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Arizona Genealogy Research Guide

by David A. Fryxell

Although Arizona is the youngest of the contiguous states, it has been home to Native peoples for at least 12,000 years and to Spanish settlers predating American independence. The state’s long history can prove a fertile ground for your genealogy research.

Arizona Genealogy Research Guide Contents

Arizona Genealogy Fast Facts

Arizona Genealogy Fast Facts

US TERRITORY OR
COLONY SETTLED

Part of the
New Mexico Territory, 1850
"Arizone" Territory, 1863

STATEHOOD

1912

AVAILABLE STATE CENSUSES
(OR SIMILAR)

1864, 1866, 1867, 1869, 1871, 1872, 1882

FIRST FEDERAL CENSUS

1860 (as territory)
1920 (as state)

PUBLIC-LAND OR
STATE-LAND STATE

State

BIRTH AND DEATH RECORDS
BEGIN

1909

MARRIAGE RECORDS
BEGIN

never state-wide
1864 (county)

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State History

By about 200 A.D., Pueblo tribes began living in adobe structures, sometimes built into caves or hillsides. And by about 450, the Hohokam were farming the Gila and Salt River valleys near present-day Phoenix, eventually constructing a 700-mile network of irrigation canals. A Hopi village, Oraibi, established around 1150, is thought to be America’s oldest continuously inhabited town. Later-arriving tribes included the Navajo and Apache.

The first Spanish expedition, led by Father Marcos de Niza, arrived in 1539. De Niza’s report of finding the fabled Seven Cities of Cibola inspired Don Francisco Vásquez de Coronado to explore the Southwest from 1540 to 1542. Coronado’s party claimed the region for Spain, and a splinter expedition were the first Europeans to see the Grand Canyon.

Unlike in neighboring New Mexico (where Santa Fe was founded in 1610), only a handful of Spaniards followed Coronado to Arizona. In 1687, Father Eusebio Francisco Kino began establishing missions in the Sonoran Desert, including San Xavier del Bac in 1700 south of present-day Tucson. Farther south, Tubac became the first Spanish garrison (“presidio”) in Arizona in 1752, followed by Tucson in 1775.

MEXICAN INDEPENDENCE MEANS CHANGES

The American Southwest remained in Spanish hands until 1821, when Mexico gained its independence from Spain. Portions of Arizona were in the Mexican states of Alta California, Sonora and Nuevo México. But the Mexican-American War (1846–1848) flipped Arizona’s flag—and the rest of the “Mexican Cession”—to the stars and stripes. And in 1854, the Gadsden Purchase added the final slice from the Gila River to today’s southern border.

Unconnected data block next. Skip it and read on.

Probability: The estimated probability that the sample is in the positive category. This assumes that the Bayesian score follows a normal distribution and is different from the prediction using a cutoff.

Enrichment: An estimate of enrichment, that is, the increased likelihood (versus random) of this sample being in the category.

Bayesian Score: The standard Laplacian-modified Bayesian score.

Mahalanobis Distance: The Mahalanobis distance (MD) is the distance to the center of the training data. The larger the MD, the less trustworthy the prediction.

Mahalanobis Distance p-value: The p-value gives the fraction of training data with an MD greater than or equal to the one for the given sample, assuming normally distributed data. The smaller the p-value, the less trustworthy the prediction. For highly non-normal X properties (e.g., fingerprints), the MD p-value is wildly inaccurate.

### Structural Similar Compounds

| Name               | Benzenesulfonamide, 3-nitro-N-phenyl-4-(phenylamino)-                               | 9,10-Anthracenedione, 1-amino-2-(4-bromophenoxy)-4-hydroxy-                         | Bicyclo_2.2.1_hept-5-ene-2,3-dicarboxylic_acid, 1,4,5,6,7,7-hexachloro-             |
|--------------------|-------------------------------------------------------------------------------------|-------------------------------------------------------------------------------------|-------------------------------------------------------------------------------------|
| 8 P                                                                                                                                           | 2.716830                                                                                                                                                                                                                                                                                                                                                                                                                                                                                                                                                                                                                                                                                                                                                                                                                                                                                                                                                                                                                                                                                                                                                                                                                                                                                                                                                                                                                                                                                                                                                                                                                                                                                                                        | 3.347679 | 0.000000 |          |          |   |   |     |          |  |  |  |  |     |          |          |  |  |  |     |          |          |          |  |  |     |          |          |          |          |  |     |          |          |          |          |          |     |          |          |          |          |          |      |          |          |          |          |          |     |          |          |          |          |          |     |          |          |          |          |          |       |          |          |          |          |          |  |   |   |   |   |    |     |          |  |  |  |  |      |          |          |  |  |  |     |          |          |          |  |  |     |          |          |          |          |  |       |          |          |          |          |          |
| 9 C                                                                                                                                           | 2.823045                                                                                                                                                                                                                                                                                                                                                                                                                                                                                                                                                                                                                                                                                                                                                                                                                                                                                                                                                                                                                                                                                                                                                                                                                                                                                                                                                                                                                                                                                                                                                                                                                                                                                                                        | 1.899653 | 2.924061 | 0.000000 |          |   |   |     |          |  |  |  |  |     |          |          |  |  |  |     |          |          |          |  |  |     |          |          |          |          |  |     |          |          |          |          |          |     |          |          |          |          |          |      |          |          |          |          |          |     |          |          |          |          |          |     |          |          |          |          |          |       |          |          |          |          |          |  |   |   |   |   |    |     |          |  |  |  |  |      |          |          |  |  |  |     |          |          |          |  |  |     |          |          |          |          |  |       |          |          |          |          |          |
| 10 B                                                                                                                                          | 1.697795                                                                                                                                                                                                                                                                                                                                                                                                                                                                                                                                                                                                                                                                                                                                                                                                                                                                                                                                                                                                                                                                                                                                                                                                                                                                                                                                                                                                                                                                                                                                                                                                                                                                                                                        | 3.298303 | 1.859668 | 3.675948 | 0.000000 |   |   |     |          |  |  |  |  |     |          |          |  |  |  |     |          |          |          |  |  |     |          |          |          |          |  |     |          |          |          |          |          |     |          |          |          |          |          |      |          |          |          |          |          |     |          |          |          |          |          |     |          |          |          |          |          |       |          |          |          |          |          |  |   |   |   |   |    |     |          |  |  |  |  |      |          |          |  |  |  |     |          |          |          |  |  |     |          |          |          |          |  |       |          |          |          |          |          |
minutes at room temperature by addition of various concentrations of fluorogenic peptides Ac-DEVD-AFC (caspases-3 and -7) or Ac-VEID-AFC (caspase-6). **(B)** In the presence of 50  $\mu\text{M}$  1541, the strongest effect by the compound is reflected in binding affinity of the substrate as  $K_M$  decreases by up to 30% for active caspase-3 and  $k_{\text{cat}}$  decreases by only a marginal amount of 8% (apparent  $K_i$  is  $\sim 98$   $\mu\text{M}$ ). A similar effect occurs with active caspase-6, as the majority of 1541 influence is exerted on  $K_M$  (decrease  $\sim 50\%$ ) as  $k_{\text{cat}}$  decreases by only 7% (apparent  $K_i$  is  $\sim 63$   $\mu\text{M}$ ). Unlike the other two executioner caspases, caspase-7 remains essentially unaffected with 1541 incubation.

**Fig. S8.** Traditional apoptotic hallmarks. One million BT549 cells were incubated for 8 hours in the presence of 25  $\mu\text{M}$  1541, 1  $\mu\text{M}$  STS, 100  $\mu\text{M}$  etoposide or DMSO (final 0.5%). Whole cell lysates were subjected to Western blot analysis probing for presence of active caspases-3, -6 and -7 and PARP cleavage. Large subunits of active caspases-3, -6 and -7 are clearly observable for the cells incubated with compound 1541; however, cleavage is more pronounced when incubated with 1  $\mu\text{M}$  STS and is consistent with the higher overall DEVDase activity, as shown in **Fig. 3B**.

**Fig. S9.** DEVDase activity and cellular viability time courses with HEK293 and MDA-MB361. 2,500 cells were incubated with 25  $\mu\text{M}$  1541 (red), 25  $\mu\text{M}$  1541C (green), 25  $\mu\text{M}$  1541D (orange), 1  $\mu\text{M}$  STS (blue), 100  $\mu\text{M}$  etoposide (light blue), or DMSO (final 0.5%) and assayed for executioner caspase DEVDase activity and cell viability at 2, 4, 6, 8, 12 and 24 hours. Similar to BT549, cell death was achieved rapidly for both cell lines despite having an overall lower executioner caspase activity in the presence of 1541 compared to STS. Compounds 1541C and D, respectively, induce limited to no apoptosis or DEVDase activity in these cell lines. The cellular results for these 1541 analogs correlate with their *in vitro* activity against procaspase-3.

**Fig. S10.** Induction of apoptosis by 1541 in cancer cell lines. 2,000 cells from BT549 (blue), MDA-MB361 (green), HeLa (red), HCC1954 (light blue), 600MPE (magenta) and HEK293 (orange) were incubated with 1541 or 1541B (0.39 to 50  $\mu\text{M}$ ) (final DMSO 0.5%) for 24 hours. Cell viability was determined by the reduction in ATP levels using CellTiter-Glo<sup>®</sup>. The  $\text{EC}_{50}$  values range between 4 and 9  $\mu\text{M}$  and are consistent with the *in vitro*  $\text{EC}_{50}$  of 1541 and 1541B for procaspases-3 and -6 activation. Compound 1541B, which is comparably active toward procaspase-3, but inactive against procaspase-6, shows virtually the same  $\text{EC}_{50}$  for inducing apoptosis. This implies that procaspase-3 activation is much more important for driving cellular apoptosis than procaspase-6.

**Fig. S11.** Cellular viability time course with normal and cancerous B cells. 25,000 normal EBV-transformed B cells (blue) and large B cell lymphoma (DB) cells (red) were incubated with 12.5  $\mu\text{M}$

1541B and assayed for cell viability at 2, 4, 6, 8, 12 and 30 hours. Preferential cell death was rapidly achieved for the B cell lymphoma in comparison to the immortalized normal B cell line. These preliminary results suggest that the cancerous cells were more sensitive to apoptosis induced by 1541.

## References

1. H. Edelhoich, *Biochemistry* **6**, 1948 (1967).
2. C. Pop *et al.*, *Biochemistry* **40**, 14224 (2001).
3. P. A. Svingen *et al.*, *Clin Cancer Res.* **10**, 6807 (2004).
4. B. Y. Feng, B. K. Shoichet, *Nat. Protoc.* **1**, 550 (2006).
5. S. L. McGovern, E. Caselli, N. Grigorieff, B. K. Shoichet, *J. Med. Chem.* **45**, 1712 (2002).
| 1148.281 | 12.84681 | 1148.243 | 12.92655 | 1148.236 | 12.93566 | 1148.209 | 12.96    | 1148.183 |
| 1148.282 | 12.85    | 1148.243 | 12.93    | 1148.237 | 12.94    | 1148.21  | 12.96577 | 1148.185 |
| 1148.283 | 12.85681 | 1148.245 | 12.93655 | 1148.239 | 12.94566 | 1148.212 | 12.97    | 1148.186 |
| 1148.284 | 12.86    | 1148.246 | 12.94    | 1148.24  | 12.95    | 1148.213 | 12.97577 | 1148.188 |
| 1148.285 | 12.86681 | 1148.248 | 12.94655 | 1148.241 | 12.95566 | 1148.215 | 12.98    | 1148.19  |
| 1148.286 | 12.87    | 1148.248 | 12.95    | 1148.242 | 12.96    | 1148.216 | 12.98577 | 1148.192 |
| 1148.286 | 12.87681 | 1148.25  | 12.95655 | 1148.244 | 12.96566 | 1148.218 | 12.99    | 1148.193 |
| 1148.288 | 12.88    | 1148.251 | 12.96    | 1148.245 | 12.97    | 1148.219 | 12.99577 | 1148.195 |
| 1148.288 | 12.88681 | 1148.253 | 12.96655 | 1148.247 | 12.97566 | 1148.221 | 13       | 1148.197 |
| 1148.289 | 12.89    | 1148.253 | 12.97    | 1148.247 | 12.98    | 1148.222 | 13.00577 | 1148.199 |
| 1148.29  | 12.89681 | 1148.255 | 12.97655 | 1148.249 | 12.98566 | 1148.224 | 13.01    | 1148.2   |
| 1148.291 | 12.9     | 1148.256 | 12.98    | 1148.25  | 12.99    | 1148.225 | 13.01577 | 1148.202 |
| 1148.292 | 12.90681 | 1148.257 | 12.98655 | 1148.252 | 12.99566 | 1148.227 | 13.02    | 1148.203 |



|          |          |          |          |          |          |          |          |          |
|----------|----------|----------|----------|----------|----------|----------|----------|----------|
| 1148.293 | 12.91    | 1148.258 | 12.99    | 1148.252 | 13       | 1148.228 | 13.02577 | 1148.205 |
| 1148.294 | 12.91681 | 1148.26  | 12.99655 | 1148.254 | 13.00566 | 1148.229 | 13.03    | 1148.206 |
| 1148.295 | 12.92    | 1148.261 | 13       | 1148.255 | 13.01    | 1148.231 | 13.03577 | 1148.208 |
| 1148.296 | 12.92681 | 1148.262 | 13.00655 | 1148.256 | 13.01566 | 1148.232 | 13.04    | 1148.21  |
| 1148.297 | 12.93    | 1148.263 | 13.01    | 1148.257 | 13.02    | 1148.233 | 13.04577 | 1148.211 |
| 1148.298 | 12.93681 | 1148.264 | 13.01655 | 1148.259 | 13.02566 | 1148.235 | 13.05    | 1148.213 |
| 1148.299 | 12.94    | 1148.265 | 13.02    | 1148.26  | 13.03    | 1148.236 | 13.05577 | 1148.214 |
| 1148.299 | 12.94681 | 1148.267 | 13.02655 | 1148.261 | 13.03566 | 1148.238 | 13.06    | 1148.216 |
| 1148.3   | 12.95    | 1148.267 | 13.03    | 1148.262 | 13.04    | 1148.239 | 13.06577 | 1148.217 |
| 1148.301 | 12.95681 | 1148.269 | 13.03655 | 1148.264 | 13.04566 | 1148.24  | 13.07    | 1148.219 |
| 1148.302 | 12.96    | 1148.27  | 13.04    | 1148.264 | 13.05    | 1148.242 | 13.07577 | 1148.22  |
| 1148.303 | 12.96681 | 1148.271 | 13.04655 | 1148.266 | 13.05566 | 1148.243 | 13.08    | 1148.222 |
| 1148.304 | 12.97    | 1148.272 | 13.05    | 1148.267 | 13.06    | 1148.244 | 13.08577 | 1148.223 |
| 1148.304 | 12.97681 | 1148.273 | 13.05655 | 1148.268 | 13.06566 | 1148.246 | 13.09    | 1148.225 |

From its acquisition by the United States, Arizona was part of the vast New Mexico Territory. The refusal of Congress to recognize a separate Arizona Territory led to the southern part of the region briefly siding with the Confederacy during the Civil War. After the “California Column” of Union troops defeated the Confederates, President Lincoln established the Arizona Territory in 1863, with a provisional capital at Fort Whipple (later moved to nearby Prescott).

Although gold had been discovered in Gila City in 1858, Arizona’s fast-growing mining industry would ultimately focus on copper. Boomtowns flourished and failed, leaving the state littered with ghost towns. Tombstone and Bisbee briefly became the largest towns in the state and the wildest in the country, epitomized by the famous gunfight at Tombstone’s O.K. Corral in 1881. In the 1880s, the arrival of the railroad meant Arizona copper and cows could readily reach customers nationwide.

RISING TENSIONS

Tension between the growing numbers of European and American settlers and Native peoples (dating all the way back to a Pueblo revolt against the Spanish in 1680) continued to bubble over throughout the 1800s. This culminated in the Long Walk in 1864, when the US government forced 9,000 Navajo to relocate from eastern Arizona to Fort Sumner, New Mexico. Other forced relocations followed.

Armed resistance continued for several years, notably in the ongoing Apache and Tonto Wars. Conflict largely ended when Apaches under Geronimo surrendered to US General Nelson Miles at Skeleton Canyon in 1886.

Today, several Native American reservations are located in the state, and Arizona (with 20-plus tribes) has the third-largest Native population in the United States. The largest tribes include the Navajo Nation in the northeast and the Tohono O’odham Nation in the south along the Mexican border.

Statehood on 14 February 1912 signaled a population and economic expansion made possible by the previous year’s completion of the Roosevelt Dam, bringing reliable water to Phoenix. Arizona’s third “C,” cotton (after copper and cows) fueled further growth.

The arrival of Route 66 and the completion of Hoover Dam, followed by a wartime burgeoning in demand for aerospace industries, helped Arizona’s population reach 1 million by 1960 (and 7.2 million by 2019). A border state, Arizona has a large Mexican-American population, with some families tracing their lineage in the region to when Arizona was held by Mexico.

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Arizona History Timeline

1540–1752

1540
Spaniard Vázquez de Coronado explores southeast Arizona and claims the region for Spain
1752
The first Spanish garrison (presidio) is founded in Tubac

1821–1854

1821
Mexico (then including Arizona) wins independence from Spain
1848
The Treaty of Guadalupe Hidalgo transfers vast swaths of land to the United States, including much of modern Arizona
1854
The United States buys southern Arizona in the Gadsden Purchase, establishing the modern US-Mexico border

1863–1886

1863
The Arizona Territory is formed; two years earlier, a separate Arizona Territory supported the Confederacy
1867
Arizona cedes much of its land west and north of the Colorado River (including modern Las Vegas) to Nevada
1886
Geronimo surrenders, largely ending armed conflict between the US armed forces and American Indians in the region

1912–1983

1912
Arizona joins the Union, the last of the Lower 48
1983
La Paz County is created from Yuma County, setting modern county boundaries

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Historic Map

Arizona. Cram’s Unrivaled Family Atlas of the World. 1883. (David Rumsey Map Collection)

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Arizona Genealogy Records Online

Vital Records

It’s easy to start exploring your Arizona ancestors’ history with vital records. Prior to 1909, when territory-wide registration of births and deaths began, individual counties kept these records.